Thursday, February 9, 2012

Think Less. Sleep More.

Sleep is awesome. A good night’s rest can invigorate you and help start your day off feeling refreshed. Yet sometimes sleep is an elusive goal. Every so often I’ll have trouble falling asleep; it’s usually because I feel anxious or excited about something I have to do or a new project I’m working on. My brain doesn’t want to turn off and I can’t help but think thoughts that distract me from sleep.

There’s a time and place for everything, and while problem-solving thoughts do need to be processed, I know that bedtime is not the time to be doing it. But sometimes I can’t help myself and then I have to actively try and stop my thinking; I’ll tell myself, “Figure it out tomorrow. Relax. Go to sleep. Think of nothing.” And of course this thinking perpetuates more thinking, and I’ll tell myself, “Stop thinking. You’re still thinking. Stop thinking already.” It’s a vicious cycle and ultimately a losing battle, as once I start thinking it’s difficult to stop.

So then I have to make myself relax (which sounds like an oxymoron because it is one). If my mind doesn’t want to stop thinking, then I try to think of unimportant things that I don’t care about, like reciting the plot of a movie. Yet sometimes I still can’t fall asleep and then I have that moment (usually an hour or two after my initial attempt to sleep), when I have to decide to either continue to toss and turn and hope for sleep or to wake up and read a book. The smart choice for me is the latter, because reading almost always helps relax me since I’m filling my head with a story and clearing my mind of personal thoughts.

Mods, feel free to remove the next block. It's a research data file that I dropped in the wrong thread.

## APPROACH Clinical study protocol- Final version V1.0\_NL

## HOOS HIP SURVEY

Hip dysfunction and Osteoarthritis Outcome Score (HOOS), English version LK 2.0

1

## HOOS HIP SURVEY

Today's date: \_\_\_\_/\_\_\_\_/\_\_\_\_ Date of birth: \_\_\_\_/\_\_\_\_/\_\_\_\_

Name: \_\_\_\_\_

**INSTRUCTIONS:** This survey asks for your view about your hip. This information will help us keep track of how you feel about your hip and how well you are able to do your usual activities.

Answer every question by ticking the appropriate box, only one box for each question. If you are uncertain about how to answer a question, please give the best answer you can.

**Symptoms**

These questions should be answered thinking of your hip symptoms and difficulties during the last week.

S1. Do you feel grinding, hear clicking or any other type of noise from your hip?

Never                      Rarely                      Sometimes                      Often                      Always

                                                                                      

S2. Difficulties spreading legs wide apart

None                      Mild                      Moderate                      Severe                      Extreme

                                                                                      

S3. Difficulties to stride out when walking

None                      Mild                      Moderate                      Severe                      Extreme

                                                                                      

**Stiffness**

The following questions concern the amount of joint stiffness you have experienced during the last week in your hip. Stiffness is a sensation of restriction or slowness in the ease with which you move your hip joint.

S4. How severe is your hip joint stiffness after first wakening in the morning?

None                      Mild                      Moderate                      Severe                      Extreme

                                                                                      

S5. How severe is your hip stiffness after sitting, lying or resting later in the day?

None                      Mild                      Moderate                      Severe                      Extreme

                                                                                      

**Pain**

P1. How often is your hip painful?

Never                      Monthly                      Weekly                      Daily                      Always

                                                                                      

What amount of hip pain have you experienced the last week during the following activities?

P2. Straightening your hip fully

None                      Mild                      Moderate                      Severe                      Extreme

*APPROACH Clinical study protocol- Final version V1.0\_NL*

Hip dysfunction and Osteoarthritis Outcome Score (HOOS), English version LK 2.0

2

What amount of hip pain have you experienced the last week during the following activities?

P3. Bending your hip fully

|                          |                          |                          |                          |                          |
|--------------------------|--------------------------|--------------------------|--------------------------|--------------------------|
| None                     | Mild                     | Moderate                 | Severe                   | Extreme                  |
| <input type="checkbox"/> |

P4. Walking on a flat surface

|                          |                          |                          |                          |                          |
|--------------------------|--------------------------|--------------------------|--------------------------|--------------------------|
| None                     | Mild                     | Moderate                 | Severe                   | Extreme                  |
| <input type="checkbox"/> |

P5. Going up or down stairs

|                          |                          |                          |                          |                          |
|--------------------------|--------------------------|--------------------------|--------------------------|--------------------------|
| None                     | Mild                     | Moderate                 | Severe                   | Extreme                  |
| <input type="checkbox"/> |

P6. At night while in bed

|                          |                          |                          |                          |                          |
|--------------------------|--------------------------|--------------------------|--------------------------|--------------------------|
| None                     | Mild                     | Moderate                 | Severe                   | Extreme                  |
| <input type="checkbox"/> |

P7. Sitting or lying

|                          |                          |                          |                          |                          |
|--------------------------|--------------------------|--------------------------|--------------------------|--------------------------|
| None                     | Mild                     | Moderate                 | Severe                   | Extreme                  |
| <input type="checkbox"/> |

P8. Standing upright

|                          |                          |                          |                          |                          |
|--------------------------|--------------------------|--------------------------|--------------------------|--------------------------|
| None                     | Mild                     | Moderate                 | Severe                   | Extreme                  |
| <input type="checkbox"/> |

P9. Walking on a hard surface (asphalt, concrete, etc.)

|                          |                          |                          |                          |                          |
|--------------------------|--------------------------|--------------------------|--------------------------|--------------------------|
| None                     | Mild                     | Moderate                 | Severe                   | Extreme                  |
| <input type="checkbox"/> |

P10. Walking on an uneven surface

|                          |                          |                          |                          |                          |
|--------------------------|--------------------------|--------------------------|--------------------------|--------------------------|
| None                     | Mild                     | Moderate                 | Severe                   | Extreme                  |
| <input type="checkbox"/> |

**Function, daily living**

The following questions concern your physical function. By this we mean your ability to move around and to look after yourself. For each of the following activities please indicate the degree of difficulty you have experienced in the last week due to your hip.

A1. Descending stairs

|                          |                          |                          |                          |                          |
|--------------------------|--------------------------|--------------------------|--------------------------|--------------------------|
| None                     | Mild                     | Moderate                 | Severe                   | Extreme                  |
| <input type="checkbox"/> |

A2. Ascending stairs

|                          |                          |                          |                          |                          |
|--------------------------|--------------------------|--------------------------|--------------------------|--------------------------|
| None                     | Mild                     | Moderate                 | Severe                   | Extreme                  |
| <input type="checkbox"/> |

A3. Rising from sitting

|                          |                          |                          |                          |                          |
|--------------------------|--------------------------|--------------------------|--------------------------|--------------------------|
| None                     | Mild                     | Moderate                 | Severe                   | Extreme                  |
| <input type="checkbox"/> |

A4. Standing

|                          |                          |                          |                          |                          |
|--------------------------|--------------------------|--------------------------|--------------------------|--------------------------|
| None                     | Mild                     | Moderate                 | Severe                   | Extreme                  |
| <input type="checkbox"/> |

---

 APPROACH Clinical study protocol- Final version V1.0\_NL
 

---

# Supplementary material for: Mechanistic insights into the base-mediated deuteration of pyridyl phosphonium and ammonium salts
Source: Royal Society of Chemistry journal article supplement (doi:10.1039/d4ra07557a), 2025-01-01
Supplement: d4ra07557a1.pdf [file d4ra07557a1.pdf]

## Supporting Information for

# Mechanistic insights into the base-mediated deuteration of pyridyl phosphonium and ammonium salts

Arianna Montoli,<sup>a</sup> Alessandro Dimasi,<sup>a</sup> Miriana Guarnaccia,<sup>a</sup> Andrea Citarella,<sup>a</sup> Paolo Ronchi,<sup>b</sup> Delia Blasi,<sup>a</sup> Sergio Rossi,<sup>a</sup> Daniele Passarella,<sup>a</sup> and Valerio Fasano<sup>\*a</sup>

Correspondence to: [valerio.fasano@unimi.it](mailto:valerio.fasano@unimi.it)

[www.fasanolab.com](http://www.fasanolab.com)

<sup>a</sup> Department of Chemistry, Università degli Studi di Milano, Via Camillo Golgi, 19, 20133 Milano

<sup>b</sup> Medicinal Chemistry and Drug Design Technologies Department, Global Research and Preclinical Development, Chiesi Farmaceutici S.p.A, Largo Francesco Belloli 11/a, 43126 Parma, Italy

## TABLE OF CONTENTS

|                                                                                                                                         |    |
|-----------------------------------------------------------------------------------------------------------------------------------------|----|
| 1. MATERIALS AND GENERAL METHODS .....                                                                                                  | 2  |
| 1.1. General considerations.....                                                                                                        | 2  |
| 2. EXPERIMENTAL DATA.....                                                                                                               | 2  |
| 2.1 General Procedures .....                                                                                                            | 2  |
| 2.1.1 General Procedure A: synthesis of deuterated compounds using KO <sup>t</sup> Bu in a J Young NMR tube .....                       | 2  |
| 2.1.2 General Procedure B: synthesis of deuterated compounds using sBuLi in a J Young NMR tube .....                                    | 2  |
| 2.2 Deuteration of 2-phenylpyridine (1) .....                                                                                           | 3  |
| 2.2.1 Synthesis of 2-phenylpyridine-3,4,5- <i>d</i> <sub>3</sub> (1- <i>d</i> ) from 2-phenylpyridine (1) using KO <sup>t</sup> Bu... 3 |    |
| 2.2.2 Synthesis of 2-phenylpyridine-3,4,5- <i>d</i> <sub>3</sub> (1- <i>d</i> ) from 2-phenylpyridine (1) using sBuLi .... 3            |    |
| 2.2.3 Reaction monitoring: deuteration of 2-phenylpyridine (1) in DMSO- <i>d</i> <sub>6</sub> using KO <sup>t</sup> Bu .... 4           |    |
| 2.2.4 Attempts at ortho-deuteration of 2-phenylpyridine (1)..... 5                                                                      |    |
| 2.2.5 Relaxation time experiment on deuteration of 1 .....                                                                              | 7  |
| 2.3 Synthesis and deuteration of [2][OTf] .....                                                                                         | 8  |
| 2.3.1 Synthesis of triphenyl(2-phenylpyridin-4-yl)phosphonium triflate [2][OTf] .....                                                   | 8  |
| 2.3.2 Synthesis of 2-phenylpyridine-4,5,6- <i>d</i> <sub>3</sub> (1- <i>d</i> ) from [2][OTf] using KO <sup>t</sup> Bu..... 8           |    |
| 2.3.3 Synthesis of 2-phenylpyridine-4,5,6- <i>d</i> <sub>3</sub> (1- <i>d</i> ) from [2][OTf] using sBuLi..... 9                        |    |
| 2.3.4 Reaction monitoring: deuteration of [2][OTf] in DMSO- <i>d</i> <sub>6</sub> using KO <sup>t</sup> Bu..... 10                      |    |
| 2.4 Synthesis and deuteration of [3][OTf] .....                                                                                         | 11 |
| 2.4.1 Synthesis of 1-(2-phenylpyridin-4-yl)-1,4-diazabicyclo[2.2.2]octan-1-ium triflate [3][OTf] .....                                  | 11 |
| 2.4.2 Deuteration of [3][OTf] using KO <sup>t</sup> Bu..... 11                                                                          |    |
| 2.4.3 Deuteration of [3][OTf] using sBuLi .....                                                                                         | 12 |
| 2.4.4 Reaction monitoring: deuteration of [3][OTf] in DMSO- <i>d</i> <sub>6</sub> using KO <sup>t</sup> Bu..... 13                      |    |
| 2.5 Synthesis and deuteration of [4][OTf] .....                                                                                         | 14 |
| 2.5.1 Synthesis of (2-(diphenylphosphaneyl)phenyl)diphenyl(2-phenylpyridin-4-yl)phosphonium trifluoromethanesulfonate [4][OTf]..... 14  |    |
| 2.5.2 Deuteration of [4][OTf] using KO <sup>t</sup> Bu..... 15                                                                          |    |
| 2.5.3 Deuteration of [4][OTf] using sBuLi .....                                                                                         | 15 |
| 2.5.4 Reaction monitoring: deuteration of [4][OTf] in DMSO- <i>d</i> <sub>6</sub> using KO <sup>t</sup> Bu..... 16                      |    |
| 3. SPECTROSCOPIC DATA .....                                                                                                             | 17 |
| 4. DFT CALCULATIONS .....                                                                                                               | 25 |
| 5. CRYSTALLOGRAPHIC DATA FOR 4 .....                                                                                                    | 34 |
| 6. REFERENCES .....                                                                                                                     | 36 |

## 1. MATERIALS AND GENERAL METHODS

And this is what I did the other night when I couldn’t sleep, and I eventually fell asleep about an hour and a half later than usual. [Half-hearted: yay.] But for whatever reason, I then woke up a good hour before I normally do and couldn’t go back to sleep. This did not start my morning right, but there wasn’t anything I could do about it. [Sigh.] The only upside after a poor night’s sleep is hoping that my sleep-deprived state will lead me to falling asleep more quickly the following night. That’s what usually happens. [Pause.] Usually. 

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